Aging is considered to have a major role in MGD by affecting the structure and/or functions of the MGs.14,15 Hykin and Bron16 reported that, in a cross-sectional study of a healthy cohort aged 5 to 87 years, lid margin vascularity, cutaneous hyperkeratinization, telangiectasia, MG orifice narrowing and pouting, and the viscosity of meibum increased with age. Similarly in a study including 398 healthy participants, Hom et al.17 found that the percentage of people with cloudy or no meibum increased with age and was noted in approximately 40% of the population. Supporting clinical evidence was reported earlier by Norn,18 where the number of active or expressible MGs was found to gradually decrease with increasing age. Lid margin and MG abnormalities also were shown to be associated with aging in another cross-sectional study involving a population between 21 and 93 years old, in which only a few patients aged < 50 years were observed with these changes.19 Aging also is associated with changes in the lipid profiles of human meibum and the opacity of these secretions along with the lid margin changes.20 Obata et al.21,22 suggested that age-related pathologic alterations in human MGs include primary acinar atrophy leading to decreased meibum secretion. Furthermore, MG dropout has been demonstrated to increase with aging in the general population23 and in patients with dry eye disease.24 A detailed study of MG morphology assessment in 37 human eyes (age range, 10–79 years) showed that with an increase in age, there is significant reduction in the MG duct length and percent area of the gland acini along with an increase in gland dropout of the upper and lower eyelids.25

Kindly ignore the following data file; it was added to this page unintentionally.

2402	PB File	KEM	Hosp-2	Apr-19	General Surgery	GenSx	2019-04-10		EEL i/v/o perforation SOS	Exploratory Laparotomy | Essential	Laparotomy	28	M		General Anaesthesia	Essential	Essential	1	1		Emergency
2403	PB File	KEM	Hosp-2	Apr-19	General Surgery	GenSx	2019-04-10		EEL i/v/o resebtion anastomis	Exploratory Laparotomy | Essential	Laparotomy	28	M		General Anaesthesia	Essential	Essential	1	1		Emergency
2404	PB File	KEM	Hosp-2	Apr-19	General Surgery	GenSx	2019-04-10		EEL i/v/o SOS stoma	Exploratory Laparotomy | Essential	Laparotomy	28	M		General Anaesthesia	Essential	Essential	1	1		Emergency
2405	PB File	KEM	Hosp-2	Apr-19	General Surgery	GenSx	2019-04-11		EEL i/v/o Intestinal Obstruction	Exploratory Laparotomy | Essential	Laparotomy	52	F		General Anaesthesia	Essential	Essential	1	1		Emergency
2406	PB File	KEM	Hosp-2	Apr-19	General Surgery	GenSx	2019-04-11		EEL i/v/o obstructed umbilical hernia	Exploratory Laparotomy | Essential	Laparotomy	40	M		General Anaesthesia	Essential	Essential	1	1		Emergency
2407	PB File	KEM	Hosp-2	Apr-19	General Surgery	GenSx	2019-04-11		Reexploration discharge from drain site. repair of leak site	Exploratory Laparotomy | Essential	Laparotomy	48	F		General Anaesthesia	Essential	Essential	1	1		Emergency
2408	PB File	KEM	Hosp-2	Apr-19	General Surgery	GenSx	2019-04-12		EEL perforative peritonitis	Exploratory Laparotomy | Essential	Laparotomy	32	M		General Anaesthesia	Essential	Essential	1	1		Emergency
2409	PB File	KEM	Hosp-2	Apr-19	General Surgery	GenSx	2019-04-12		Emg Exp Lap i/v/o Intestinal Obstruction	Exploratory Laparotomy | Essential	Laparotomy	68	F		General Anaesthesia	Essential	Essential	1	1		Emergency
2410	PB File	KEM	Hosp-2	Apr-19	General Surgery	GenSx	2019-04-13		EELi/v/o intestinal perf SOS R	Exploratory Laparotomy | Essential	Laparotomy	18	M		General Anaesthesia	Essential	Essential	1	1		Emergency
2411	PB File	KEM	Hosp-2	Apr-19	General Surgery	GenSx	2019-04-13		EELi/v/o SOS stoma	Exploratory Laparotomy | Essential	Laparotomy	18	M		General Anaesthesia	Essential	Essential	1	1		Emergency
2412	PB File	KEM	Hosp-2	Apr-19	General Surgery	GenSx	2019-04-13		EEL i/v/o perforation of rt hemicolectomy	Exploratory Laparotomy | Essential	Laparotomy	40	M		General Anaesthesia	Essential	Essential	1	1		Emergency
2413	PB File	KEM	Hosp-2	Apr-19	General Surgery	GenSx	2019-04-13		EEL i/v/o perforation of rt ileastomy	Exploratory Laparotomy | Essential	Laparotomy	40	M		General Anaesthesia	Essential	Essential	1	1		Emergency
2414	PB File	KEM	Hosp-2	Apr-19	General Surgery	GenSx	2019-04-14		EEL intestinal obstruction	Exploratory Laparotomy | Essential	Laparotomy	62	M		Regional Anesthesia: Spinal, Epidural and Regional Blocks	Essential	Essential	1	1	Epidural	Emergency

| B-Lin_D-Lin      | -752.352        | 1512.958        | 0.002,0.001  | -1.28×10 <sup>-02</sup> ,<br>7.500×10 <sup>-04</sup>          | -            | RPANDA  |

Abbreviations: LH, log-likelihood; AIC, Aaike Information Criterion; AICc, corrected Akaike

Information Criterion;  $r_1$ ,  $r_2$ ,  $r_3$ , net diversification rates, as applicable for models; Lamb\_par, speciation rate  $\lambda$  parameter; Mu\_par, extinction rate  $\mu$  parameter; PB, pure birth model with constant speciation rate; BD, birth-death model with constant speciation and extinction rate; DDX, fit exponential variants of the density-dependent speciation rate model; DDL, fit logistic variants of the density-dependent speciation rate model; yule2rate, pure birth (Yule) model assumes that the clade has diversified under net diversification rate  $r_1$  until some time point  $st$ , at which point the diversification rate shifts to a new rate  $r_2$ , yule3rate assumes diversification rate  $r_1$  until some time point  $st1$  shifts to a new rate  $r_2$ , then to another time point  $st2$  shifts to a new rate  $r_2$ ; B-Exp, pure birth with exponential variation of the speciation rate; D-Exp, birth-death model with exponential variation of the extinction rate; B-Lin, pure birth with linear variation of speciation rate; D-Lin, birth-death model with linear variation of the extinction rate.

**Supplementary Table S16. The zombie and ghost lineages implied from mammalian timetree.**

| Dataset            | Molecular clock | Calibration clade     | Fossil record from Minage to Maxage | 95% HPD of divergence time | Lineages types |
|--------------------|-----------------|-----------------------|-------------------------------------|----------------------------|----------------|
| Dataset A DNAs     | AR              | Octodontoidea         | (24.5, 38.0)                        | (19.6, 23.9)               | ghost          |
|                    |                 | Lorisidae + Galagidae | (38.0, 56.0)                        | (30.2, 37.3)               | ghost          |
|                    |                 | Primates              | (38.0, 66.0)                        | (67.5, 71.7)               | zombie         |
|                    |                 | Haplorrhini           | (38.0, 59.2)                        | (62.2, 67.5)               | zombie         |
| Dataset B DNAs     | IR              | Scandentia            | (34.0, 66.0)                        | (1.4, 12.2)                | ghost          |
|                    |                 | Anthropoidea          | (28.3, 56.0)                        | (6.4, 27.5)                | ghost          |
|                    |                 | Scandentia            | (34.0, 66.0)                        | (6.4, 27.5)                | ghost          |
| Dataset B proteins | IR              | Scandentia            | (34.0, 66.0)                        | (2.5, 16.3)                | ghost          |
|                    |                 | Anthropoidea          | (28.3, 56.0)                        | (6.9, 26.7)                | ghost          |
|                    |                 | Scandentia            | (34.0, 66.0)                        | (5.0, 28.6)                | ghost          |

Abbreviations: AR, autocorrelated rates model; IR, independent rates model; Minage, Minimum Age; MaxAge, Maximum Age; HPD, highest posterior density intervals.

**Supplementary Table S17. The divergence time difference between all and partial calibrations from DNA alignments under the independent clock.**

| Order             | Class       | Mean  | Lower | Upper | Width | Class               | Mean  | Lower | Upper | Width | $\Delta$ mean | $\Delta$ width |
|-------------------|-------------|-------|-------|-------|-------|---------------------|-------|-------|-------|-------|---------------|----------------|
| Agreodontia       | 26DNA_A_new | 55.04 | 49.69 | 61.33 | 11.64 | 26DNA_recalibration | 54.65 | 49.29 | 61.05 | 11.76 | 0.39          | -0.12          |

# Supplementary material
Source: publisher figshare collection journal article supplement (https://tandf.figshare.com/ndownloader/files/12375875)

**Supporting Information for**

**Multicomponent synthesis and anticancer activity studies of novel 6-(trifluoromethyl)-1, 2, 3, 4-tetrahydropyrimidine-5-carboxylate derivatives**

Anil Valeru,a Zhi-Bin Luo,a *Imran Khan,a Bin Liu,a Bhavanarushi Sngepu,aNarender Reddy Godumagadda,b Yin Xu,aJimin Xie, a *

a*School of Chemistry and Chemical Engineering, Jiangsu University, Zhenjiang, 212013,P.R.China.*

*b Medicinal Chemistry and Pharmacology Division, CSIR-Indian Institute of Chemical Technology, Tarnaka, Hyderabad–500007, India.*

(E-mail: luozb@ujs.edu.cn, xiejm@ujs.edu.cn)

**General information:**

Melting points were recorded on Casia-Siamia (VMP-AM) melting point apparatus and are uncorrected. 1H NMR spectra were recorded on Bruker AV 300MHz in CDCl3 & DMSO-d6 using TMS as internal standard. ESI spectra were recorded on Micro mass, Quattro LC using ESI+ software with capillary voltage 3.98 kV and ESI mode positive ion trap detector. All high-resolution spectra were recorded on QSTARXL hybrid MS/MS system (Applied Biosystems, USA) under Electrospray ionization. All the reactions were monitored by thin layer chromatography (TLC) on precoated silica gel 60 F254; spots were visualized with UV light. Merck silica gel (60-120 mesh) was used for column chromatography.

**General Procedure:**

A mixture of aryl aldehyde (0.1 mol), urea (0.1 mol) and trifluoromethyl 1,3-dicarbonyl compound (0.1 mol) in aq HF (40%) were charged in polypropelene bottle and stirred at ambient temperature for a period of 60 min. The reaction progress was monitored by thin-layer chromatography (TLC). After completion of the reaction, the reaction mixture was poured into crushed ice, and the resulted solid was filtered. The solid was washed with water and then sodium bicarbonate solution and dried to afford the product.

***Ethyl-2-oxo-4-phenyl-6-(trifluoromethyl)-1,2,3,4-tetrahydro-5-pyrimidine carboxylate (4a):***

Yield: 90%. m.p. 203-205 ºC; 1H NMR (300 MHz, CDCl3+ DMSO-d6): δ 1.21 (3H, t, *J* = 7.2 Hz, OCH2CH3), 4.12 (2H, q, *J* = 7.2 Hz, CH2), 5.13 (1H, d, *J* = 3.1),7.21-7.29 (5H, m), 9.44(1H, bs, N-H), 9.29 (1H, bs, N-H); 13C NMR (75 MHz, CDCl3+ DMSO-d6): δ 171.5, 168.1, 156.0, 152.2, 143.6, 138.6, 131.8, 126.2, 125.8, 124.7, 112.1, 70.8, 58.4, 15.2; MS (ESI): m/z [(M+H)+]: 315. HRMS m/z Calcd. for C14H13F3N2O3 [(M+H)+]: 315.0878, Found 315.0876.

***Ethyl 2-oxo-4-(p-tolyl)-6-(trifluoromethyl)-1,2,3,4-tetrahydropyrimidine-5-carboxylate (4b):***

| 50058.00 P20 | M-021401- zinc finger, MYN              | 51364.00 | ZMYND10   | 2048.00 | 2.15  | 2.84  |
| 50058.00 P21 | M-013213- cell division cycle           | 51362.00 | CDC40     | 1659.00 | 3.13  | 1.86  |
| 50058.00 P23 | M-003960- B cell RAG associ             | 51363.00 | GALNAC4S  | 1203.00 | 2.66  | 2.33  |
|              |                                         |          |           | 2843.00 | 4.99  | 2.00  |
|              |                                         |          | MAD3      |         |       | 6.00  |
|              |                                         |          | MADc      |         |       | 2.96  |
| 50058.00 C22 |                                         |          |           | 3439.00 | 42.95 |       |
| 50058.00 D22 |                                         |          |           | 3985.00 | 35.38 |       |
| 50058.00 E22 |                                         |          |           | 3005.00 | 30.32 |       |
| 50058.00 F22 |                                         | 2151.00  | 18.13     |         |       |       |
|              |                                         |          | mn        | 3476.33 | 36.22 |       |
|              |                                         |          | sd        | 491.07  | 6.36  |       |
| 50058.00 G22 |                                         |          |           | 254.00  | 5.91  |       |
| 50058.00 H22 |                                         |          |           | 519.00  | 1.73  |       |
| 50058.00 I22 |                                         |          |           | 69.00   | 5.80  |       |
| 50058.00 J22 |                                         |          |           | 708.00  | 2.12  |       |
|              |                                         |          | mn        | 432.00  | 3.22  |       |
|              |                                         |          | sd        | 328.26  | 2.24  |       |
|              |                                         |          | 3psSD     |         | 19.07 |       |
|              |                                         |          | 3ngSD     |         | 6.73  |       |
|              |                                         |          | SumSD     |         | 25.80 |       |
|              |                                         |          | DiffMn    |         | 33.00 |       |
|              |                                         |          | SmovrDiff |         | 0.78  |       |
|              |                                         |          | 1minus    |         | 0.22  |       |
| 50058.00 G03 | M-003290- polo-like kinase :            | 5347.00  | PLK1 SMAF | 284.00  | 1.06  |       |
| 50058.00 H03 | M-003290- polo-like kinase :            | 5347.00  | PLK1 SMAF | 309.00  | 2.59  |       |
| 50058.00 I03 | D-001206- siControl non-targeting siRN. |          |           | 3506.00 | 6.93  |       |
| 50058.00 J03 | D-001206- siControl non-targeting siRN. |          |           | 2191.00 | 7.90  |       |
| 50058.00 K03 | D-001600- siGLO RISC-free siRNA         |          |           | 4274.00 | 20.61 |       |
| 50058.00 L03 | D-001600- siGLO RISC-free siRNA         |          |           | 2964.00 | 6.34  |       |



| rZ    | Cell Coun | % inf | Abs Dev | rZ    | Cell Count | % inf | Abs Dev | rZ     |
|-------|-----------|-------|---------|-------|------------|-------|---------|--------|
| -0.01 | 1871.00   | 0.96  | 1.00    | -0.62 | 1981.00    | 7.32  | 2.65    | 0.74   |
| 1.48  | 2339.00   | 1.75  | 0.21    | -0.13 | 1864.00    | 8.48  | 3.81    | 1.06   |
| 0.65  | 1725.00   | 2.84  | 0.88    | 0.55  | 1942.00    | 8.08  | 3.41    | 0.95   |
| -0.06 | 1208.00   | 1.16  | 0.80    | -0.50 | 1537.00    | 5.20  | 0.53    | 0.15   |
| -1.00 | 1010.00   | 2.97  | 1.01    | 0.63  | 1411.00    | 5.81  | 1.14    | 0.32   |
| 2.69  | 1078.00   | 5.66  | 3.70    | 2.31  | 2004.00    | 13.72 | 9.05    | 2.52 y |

Considering aging as a strong risk factor for MGD, it is important to document the natural history of MGs as a means of understanding the process of developing MGD, associated symptoms, and the time course of the disease. Studies reporting age-related changes in MGs have attempted to demonstrate clinical and/or biochemical associations with MGD. However, less is known about the causation or mechanisms that underpin the relation between age and MGD in the absence of any ocular disease. Therefore, the present study investigated MG changes in people without any reported eye disease or prominent dry eye complaints. The aim of the study was to understand preliminary changes in MGs that usually are well tolerated by patients before they begin to precipitate more severe symptoms. We looked into the structural, functional, and physiologic variability in MGs associated with age, sex, and dry eye symptoms. We also examined other relevant eyelid and ocular surface signs that are likely to coexist with changes in MGs.